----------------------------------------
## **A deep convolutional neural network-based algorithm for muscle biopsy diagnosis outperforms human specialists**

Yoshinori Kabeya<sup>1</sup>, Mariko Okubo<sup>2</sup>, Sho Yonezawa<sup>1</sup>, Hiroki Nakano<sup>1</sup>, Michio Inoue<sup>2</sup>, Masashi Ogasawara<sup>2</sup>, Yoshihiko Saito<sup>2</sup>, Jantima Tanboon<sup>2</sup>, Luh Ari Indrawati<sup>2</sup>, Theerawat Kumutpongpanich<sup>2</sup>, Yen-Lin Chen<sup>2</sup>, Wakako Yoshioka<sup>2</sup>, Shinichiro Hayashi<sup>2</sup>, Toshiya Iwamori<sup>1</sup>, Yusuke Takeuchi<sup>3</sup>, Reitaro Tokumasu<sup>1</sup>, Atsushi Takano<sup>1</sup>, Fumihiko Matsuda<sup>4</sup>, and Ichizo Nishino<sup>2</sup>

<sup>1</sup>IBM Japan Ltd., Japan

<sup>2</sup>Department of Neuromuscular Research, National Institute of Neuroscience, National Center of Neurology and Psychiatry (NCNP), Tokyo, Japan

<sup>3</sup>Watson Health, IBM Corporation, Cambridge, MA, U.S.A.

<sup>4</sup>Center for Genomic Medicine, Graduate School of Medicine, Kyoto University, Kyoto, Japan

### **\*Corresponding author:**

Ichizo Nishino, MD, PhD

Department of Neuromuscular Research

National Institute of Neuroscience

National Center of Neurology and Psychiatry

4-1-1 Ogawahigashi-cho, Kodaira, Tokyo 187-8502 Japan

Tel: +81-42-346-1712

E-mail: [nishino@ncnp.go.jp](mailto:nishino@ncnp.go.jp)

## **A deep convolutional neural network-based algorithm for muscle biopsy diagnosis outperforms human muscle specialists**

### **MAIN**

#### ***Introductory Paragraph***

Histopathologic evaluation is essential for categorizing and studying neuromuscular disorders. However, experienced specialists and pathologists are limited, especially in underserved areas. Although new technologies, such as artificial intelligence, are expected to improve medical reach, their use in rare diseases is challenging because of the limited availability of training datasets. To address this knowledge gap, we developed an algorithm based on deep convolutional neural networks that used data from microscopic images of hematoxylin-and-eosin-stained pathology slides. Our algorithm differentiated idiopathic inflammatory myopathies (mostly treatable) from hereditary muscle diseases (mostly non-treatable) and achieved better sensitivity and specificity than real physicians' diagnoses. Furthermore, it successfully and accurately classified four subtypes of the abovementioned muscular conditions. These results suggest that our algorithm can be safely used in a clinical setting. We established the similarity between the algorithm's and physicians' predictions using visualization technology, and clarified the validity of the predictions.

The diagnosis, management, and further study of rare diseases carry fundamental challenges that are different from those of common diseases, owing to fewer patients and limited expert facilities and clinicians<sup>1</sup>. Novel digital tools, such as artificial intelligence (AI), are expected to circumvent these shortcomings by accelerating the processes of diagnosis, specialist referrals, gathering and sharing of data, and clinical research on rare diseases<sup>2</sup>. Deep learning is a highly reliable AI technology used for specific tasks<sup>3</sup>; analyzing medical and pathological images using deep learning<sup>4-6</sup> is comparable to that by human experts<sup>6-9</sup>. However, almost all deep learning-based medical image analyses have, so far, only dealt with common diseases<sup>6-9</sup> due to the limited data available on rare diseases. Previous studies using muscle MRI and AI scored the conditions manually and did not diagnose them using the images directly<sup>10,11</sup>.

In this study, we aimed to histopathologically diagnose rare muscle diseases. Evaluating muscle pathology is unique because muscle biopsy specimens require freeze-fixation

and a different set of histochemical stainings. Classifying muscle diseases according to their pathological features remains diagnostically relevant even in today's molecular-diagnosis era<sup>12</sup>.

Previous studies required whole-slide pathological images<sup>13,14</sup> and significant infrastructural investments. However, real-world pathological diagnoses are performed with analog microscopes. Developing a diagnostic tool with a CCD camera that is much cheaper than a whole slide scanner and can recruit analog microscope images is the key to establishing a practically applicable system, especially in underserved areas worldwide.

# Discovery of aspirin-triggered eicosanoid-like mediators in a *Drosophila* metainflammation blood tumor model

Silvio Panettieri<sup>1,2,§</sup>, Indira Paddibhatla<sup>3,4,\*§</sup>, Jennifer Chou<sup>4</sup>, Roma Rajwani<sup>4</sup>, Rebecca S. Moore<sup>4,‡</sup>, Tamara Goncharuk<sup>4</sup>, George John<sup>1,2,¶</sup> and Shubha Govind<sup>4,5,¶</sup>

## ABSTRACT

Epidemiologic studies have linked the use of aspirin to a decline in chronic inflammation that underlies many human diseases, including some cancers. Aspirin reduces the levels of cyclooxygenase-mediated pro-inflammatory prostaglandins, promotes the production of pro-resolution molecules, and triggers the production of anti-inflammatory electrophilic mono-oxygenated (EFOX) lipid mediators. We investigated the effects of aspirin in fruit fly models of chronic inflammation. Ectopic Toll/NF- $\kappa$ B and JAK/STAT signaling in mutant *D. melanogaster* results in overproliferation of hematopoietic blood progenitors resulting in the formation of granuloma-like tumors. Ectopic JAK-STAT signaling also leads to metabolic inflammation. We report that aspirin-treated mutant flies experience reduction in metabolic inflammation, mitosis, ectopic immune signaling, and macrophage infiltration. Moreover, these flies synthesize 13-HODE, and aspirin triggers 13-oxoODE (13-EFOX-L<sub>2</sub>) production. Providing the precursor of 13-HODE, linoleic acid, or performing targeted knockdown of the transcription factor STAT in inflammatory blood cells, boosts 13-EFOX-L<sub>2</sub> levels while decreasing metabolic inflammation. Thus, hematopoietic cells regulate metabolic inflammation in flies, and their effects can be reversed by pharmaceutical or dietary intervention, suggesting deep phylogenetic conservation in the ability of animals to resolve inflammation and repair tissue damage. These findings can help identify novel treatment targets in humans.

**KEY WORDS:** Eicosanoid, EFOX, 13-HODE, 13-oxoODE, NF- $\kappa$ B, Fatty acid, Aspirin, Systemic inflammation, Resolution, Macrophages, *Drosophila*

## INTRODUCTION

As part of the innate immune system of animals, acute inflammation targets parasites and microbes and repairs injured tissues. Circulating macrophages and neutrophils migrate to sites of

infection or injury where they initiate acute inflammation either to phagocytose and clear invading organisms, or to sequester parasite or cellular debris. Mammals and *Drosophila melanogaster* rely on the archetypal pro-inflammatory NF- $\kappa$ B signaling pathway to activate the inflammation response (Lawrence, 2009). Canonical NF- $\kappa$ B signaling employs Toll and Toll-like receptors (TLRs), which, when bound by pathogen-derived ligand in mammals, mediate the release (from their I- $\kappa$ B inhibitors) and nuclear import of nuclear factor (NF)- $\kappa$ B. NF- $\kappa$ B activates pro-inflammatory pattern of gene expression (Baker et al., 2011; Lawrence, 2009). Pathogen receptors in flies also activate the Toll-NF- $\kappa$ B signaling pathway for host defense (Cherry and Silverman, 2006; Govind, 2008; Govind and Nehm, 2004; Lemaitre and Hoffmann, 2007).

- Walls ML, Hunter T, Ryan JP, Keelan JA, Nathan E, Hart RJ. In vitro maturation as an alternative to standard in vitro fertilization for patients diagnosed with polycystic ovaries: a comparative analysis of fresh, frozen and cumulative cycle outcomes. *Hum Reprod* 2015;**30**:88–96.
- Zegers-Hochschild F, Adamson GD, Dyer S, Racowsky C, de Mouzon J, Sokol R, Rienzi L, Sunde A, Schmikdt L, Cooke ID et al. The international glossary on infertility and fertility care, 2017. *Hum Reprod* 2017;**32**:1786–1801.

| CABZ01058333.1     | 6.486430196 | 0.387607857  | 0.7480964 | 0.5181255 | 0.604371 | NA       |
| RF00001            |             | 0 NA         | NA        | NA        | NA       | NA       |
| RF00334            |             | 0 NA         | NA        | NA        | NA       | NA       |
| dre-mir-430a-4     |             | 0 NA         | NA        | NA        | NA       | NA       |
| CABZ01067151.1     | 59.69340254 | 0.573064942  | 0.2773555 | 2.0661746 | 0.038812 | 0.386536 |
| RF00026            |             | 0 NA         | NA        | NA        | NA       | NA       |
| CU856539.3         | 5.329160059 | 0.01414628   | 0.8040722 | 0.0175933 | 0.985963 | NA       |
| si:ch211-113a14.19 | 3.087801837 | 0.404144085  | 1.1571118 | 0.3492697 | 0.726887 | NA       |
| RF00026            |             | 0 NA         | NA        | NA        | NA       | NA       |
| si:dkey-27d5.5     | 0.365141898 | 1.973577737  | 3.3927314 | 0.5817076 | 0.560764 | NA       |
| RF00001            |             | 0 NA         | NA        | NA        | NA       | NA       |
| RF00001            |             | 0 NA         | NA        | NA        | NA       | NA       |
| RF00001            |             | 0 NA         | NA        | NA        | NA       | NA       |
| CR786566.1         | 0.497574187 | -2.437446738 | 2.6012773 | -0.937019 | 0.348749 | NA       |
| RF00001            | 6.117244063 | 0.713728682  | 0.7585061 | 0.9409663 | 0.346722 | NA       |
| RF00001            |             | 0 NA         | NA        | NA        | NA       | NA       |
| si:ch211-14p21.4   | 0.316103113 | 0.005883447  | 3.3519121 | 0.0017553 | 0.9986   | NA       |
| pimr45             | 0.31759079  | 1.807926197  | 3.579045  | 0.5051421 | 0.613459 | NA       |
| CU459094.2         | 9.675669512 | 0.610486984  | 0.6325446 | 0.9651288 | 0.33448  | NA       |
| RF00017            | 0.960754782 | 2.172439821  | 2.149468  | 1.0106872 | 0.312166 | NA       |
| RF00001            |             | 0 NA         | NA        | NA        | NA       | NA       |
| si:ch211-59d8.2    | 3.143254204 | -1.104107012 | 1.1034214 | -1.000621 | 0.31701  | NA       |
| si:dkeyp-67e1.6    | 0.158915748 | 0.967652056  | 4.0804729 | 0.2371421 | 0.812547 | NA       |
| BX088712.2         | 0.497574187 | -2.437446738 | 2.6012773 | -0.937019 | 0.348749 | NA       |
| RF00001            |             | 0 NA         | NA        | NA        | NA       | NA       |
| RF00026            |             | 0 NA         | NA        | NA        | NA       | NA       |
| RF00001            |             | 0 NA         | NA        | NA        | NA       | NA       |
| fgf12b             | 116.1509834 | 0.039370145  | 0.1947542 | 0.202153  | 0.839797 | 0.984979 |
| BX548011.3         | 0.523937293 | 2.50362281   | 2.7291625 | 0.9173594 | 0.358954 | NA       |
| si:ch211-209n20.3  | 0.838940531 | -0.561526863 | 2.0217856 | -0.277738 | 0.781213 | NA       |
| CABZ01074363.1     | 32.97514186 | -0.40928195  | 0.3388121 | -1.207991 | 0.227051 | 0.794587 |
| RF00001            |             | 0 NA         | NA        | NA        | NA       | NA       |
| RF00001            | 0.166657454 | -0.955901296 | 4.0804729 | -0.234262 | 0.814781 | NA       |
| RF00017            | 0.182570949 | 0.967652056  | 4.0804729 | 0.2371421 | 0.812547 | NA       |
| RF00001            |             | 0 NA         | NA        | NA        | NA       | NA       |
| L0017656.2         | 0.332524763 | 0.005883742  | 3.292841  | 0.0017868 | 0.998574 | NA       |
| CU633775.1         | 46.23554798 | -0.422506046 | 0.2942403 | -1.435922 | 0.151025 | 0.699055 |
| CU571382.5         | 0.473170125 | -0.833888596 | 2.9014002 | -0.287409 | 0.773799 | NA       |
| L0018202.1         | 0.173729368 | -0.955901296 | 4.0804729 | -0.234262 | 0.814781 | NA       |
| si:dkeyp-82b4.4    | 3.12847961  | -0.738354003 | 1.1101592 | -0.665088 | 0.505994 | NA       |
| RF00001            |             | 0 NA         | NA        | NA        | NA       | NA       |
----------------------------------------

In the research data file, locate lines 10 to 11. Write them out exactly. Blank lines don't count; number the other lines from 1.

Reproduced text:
National Institute of Neuroscience

National Center of Neurology and Psychiatry